Immune therapy for treating type 1 diabetes: challenging existing paradigms

J Clin Invest. 2015 Jan;125(1):94-6. doi: 10.1172/JCI79190. Epub 2014 Dec 15.

Abstract

Patients with type 1 diabetes (T1D) rapidly lose β cell function and/or mass, leading to a life-long dependence on insulin therapy. β Cell destruction is mediated by aberrant immune responses; therefore, immune modulation has potential to ameliorate disease. While immune intervention in animal models of diabetes has shown promising results, treatment of patients with T1D with the same agents has not been as successful. In this issue of the JCI, Haller and colleagues present data from a small clinical trial that tested the efficacy of a combination of immunomodulatory agents, anti-thymocyte globulin and pegylated granulocyte CSF, neither of which have shown benefit for T1D as single treatment agents. Many patients that received combination therapy maintained β cell function at baseline levels up to a year after treatment. The results from this study challenge current trial design paradigm that for combined therapy to be successful individual agents should show benefit.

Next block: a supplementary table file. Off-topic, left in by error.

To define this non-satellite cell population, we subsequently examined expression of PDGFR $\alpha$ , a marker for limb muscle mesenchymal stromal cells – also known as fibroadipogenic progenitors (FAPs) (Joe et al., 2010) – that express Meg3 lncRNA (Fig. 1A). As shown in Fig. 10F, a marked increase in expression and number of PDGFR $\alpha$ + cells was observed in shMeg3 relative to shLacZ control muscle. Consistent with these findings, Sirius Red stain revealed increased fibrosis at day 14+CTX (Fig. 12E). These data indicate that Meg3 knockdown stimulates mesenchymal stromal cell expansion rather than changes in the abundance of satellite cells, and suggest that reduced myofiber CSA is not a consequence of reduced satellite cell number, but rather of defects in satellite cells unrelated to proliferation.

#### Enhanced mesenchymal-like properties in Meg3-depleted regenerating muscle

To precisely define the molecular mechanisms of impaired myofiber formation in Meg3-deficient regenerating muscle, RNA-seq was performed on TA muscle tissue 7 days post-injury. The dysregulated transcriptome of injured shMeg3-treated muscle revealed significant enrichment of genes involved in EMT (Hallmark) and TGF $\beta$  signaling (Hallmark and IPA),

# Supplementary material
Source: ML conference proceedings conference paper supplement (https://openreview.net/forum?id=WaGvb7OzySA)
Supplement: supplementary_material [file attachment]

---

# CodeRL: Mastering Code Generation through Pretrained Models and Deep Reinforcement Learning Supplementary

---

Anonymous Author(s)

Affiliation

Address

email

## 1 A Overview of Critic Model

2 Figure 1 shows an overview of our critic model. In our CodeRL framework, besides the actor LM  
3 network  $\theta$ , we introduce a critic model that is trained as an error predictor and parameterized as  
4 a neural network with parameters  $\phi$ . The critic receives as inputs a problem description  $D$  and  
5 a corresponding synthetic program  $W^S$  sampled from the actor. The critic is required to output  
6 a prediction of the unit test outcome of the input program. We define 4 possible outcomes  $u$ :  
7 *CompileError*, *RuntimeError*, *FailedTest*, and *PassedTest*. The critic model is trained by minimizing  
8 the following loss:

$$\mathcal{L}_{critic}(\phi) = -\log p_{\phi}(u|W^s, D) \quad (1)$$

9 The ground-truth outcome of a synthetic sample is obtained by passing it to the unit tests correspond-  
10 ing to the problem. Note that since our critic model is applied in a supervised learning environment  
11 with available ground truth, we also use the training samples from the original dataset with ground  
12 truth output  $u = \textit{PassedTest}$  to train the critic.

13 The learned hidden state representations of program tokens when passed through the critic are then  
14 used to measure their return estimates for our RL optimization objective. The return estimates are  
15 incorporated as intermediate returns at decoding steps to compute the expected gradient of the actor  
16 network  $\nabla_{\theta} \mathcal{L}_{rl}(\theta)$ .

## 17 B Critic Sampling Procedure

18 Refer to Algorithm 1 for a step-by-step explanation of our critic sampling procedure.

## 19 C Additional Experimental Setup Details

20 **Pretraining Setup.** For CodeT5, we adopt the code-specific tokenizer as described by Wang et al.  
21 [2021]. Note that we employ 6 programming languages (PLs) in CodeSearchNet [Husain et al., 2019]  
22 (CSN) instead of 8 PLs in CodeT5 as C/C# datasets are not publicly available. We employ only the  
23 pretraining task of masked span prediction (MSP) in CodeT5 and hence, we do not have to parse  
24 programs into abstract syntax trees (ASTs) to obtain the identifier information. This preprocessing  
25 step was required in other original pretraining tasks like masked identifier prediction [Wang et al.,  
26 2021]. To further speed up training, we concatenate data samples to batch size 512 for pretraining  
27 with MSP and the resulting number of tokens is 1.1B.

Publication types

  • Comment

MeSH terms

  • Antilymphocyte Serum / therapeutic use*
  • Diabetes Mellitus, Type 1 / drug therapy*
  • Female
  • Granulocyte Colony-Stimulating Factor / therapeutic use*
  • Humans
  • Hypoglycemic Agents / therapeutic use*
  • Insulin-Secreting Cells / physiology*
  • Male
  • Polyethylene Glycols / therapeutic use*

Substances

  • Antilymphocyte Serum
  • Hypoglycemic Agents
  • pegylated granulocyte colony-stimulating factor, human
  • Granulocyte Colony-Stimulating Factor
  • Polyethylene Glycols